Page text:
Social Forestry in China?
Social Forestry in China?
Janet C. Sturgeon, DFES Candidate
Spurred on by the problems social forestry has faced in arranging for local management of forests, I decided to look at a village forest management system in China where villagers own shares in the forest. My experience with social forestry programs and reading in the literature had convinced me that even when social forestry seems to take hold, local leaders often derive most of the benefit, and poor people most of the cost, of these systems (Fortmann 1988). Had the share-holding system in China solved the problem of maintaining equity in the distribution of benefits?
Sanming Prefecture in Fujian Province, China was declared a national experimental reform site for forestry in 1987, based on seven years of experience with a village share-holding management system to promote forest production and protection. The Sanming Municipal Forestry Committee is proud of its reforestation success in Sanming. The forested area is over 30% greater now than in 1981, and the area is still increasing. Production forests on village collective land are managed by village organizations, with villagers owning shares in the standing forests. Village forestry organization comes under the township, county, city and provincial levels of the forestry department.
My interests in looking at the Sanming system were three: to find out to what extent this system is truly managed at the village level; to get a sense of whether the share-holding system, which is fairly sophisticated, is based on historical precedent in this area; and to discover if the system represents a negotiation of policy between local people and the government.
To answer my questions, I used interviews, archival research and village visits. The interviews were with forestry staff at the prefecture, county and township levels. The most valuable materials were reports and local histories from the prefecture forestry department. I also visited the library of the Forestry College in Nanping and the Provincial Library in Fuzhou.
Forestry department staff arrangedfor me to visit six villages in three counties. In each county I talked with county and township level forestry staff, and in each village I had discussions with the elected local forestry committee. I was also able to interview, in their homes, three to five households in each village. In all cases these were semi-structured interviews based on a series of questions that I had discussed in advance with my research companions. We would then follow up with questions related to the particular characteristics of the system in each village.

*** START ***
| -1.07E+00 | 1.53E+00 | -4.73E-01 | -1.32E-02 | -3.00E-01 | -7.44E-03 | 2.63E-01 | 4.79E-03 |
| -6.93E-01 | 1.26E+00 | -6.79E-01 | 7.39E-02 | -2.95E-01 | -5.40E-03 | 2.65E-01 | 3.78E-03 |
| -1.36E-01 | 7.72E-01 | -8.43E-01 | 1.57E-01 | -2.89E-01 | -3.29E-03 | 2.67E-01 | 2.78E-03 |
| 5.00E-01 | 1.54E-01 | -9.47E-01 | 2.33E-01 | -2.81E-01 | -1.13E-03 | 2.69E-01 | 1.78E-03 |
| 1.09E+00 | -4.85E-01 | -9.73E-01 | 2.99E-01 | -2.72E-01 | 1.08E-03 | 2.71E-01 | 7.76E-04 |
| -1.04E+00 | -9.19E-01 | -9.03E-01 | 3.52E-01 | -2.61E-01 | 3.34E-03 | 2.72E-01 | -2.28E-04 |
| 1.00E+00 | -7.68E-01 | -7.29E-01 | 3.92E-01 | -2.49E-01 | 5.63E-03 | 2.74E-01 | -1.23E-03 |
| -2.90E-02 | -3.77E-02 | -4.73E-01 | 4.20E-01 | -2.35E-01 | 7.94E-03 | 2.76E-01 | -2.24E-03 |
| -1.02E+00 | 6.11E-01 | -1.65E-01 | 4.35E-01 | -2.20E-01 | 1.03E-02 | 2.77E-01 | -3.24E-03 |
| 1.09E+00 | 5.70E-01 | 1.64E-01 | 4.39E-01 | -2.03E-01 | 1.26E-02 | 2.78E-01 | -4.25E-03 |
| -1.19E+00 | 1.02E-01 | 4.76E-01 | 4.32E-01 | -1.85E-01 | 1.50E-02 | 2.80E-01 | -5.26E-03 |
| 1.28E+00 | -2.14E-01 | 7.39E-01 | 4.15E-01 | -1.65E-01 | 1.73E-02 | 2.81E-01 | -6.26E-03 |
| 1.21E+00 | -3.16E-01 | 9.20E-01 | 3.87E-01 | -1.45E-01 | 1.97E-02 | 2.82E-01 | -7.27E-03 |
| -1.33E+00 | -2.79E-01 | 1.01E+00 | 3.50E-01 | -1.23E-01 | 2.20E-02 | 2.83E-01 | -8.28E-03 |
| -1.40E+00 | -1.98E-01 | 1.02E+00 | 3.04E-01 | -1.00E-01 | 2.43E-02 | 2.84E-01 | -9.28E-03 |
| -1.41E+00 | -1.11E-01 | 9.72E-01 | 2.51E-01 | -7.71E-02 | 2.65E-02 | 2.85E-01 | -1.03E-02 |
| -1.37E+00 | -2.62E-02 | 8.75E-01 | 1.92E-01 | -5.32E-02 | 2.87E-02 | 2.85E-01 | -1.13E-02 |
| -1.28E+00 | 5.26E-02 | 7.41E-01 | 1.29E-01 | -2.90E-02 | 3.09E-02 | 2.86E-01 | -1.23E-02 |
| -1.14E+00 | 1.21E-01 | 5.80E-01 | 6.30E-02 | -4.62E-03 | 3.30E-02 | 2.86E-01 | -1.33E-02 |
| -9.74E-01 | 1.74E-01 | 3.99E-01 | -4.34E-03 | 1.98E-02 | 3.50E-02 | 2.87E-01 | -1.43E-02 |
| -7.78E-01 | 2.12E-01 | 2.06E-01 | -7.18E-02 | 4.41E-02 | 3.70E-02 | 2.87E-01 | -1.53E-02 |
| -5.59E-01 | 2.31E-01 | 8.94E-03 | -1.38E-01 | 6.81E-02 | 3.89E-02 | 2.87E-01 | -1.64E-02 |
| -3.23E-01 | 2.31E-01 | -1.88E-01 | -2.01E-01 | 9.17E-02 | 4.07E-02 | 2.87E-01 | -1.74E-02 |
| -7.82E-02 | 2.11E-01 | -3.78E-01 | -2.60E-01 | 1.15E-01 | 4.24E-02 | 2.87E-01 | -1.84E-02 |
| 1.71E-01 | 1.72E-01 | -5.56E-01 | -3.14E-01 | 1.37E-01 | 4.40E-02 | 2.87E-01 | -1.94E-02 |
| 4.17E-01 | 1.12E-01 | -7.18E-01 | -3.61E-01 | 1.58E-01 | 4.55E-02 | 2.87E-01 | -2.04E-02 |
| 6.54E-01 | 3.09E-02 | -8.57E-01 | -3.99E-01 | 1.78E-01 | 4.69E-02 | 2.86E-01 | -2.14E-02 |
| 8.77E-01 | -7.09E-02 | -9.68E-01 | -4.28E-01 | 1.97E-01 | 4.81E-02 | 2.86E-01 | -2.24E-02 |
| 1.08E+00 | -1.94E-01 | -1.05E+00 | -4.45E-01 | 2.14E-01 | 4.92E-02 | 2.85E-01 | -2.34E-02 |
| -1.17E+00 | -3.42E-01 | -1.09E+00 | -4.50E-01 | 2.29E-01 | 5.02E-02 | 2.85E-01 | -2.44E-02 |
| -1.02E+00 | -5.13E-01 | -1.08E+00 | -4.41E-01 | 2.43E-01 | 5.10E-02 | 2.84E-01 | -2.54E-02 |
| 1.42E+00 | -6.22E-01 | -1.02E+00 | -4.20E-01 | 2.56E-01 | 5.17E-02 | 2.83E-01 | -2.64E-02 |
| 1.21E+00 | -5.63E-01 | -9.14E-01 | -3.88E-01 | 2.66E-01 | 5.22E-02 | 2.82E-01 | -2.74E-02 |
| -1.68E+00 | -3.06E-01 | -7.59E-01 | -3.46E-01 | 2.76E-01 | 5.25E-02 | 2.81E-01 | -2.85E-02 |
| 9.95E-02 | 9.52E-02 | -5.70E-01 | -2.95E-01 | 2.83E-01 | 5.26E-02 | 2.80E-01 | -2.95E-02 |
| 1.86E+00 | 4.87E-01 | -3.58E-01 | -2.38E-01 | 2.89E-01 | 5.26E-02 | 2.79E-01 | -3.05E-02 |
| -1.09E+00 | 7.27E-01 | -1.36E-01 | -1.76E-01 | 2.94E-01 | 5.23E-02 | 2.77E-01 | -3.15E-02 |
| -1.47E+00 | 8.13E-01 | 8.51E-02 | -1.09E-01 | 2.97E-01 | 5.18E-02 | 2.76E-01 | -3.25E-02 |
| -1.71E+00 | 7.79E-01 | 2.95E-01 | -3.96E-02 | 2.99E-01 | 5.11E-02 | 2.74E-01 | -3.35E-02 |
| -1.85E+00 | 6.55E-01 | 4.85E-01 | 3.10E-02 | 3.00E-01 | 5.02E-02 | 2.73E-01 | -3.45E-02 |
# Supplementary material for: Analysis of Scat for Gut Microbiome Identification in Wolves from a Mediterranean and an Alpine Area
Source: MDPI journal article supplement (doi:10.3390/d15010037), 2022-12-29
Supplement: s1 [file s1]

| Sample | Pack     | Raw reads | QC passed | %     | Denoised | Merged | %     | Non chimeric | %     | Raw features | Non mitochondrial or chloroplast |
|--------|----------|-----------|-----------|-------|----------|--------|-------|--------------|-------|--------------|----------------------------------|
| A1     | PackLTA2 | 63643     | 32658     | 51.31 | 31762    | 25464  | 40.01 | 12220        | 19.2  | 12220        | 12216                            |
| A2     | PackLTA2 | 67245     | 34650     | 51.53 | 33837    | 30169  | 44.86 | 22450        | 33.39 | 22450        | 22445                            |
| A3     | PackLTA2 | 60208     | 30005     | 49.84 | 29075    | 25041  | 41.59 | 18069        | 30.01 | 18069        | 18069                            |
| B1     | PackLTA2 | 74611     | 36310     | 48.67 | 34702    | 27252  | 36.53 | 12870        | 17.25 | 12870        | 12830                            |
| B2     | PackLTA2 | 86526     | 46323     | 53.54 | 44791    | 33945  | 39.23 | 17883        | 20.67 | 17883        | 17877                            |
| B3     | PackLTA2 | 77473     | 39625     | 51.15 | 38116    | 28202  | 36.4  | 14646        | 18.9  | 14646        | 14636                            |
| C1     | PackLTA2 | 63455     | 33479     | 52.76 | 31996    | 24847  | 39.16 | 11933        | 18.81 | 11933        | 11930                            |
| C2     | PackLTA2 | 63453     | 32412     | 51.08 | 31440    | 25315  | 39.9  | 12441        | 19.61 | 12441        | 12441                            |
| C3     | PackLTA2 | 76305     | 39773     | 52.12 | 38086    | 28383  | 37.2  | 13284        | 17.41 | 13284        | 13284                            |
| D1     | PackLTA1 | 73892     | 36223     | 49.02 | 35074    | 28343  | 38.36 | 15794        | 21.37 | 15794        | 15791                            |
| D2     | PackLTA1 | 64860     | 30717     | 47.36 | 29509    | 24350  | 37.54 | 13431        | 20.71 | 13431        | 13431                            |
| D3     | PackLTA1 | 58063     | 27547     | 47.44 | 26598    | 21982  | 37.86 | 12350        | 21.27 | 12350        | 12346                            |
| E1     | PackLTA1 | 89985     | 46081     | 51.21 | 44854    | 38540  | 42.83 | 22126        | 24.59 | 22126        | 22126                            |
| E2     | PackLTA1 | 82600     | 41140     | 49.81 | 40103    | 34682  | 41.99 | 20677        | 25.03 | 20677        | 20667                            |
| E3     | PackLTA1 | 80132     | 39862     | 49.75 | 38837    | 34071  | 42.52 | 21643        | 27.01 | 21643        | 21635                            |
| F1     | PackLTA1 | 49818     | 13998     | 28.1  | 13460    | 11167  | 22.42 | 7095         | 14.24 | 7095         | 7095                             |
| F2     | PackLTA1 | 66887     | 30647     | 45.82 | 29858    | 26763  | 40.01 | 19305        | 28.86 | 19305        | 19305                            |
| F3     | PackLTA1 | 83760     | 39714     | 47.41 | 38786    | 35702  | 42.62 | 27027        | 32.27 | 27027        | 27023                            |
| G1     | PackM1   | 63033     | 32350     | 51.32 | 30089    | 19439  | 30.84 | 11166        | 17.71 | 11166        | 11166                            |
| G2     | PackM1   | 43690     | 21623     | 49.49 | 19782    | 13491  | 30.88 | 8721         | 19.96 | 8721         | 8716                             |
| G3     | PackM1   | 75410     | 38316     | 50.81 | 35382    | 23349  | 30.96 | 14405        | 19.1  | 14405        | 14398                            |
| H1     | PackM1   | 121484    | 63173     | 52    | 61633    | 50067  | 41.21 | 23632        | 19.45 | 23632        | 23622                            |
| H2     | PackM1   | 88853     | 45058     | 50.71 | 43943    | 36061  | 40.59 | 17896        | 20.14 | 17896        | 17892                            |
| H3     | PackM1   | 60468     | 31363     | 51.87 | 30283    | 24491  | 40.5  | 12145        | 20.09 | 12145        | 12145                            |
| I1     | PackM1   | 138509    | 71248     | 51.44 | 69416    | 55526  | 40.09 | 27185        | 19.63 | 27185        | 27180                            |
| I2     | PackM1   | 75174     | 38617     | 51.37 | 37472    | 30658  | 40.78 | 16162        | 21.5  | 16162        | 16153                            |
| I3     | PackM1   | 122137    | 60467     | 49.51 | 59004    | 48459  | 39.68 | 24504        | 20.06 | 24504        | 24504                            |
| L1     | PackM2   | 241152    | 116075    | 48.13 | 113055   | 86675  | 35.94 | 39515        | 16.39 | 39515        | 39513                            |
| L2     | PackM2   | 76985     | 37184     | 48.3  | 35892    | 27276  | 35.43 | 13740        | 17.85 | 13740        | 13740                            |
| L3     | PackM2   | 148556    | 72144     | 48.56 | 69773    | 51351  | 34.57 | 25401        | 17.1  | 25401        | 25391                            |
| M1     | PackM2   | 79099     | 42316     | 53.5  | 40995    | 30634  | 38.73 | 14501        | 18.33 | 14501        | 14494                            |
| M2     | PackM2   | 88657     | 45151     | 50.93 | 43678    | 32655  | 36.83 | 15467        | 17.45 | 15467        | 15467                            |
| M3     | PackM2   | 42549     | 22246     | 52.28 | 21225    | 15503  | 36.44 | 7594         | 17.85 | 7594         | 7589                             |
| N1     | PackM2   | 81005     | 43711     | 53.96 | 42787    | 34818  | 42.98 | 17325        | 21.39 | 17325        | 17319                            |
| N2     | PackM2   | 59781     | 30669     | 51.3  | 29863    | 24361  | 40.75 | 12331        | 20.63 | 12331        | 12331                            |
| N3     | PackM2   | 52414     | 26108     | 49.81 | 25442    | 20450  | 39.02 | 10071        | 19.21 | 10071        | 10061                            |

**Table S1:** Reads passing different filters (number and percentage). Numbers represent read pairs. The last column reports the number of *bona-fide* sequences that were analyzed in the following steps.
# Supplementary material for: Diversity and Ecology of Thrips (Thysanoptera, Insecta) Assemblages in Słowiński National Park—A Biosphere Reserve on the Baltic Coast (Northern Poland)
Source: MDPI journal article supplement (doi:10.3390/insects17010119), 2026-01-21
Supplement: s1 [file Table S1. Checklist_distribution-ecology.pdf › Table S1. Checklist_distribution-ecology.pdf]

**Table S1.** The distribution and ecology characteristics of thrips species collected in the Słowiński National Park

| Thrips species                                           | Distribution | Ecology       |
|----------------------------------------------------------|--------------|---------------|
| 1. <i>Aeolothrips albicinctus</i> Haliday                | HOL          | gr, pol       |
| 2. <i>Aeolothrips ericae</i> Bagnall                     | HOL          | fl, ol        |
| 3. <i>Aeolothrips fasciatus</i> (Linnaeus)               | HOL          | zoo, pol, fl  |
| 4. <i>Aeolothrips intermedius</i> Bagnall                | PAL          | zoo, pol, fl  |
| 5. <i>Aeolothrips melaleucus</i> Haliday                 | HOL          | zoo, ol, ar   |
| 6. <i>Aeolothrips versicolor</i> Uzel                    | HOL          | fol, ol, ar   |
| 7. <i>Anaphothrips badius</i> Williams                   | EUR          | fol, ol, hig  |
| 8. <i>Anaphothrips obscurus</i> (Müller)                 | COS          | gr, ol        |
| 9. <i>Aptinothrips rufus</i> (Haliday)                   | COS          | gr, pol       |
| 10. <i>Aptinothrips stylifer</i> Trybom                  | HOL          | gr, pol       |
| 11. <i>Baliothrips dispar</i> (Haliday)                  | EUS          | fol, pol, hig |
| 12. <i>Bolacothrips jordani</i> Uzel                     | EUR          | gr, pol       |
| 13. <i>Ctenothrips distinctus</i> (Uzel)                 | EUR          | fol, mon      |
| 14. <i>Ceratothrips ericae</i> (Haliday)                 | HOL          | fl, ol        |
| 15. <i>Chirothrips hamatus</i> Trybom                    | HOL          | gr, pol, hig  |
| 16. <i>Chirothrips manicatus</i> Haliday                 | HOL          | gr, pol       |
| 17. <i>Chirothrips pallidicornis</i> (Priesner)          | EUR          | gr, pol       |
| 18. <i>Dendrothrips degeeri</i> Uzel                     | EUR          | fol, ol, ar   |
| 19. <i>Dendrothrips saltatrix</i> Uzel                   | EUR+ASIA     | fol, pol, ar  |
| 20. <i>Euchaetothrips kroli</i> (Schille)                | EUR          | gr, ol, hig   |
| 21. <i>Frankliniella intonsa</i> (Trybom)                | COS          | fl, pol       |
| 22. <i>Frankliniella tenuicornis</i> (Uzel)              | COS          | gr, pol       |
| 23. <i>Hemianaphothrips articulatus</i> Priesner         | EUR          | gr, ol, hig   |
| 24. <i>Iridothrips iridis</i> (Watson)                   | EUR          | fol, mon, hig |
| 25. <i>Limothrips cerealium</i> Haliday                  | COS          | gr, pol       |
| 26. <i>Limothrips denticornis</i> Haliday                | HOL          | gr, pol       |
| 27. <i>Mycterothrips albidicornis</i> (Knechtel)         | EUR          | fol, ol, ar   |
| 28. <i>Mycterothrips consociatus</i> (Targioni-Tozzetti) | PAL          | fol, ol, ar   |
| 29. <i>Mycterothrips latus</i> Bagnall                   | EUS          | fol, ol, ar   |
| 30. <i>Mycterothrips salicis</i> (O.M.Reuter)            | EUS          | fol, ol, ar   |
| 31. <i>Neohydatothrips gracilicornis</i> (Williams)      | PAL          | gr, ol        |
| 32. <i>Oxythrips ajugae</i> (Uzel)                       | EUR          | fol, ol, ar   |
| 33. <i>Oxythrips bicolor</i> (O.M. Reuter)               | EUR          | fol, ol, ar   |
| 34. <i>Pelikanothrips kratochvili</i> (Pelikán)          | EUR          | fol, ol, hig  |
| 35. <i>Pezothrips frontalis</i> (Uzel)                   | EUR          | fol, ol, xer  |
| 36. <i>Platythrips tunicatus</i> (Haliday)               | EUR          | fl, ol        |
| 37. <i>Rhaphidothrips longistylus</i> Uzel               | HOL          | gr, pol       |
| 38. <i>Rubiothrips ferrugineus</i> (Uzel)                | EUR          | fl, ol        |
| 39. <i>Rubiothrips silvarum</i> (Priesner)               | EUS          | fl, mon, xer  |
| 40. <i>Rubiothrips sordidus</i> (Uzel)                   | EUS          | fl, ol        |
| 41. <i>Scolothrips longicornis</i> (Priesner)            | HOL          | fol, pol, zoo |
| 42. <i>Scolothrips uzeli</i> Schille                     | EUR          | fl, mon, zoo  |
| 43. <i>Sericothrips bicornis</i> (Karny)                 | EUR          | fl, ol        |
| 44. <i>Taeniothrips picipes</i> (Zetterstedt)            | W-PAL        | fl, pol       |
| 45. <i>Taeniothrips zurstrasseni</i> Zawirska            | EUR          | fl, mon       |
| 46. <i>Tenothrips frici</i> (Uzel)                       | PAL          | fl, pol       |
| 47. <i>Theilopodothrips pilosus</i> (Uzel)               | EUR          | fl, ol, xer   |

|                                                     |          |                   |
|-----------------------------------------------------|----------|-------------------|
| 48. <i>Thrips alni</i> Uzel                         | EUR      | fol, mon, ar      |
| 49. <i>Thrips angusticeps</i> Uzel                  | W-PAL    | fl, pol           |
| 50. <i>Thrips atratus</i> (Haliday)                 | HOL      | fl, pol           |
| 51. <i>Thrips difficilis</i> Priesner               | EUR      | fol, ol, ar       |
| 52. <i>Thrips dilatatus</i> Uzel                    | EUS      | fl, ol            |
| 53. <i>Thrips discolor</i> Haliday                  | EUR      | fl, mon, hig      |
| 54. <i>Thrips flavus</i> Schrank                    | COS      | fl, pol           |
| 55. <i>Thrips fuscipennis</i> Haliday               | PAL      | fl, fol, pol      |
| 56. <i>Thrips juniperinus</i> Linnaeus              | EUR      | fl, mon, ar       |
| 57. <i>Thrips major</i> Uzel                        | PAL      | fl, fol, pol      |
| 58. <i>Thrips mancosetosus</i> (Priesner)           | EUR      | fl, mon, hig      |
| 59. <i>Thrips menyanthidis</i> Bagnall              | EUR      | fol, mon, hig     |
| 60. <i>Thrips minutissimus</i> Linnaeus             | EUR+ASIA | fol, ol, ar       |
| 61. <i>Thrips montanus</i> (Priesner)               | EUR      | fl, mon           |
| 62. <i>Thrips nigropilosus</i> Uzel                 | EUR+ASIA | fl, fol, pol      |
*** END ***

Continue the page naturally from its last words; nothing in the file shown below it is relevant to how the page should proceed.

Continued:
History of Property Rights in Forests
Forested areas have undergone rapid redefinitions of property rights and levels of management since the Chinese Revolution in 1949. Before 1949, forest property in Sanming was divided among landlords, lineages, and the government. In Youxi County, for example, landlords held 30% of the land, lineages held 40%, and the government held the remaining 30%. In landlord/tenant relationships, 60% of the profit from the trees went to the planter and 40% to the landlord.
During land reform in the early 1950s forest areas were redistributed to the government (13.8% of forest area), townships and villages (22.2%), and the remaining 64% to peasant households. Through collectivization (1956) and the establishment of communes (1958), peasants lost the personal use and management of forest land except for plots around the home and land for personal needs, where peasants grew fruit trees and pines. From 1966 to 1976, with the Cultural Revolution, peasants’ personal use trees became “tails of capitalism”, or evidence of an inappropriate attitude toward property. Even personal use trees became property of the commune, and in angry response to this step, local people cut many trees (Sanming Linye Zhi).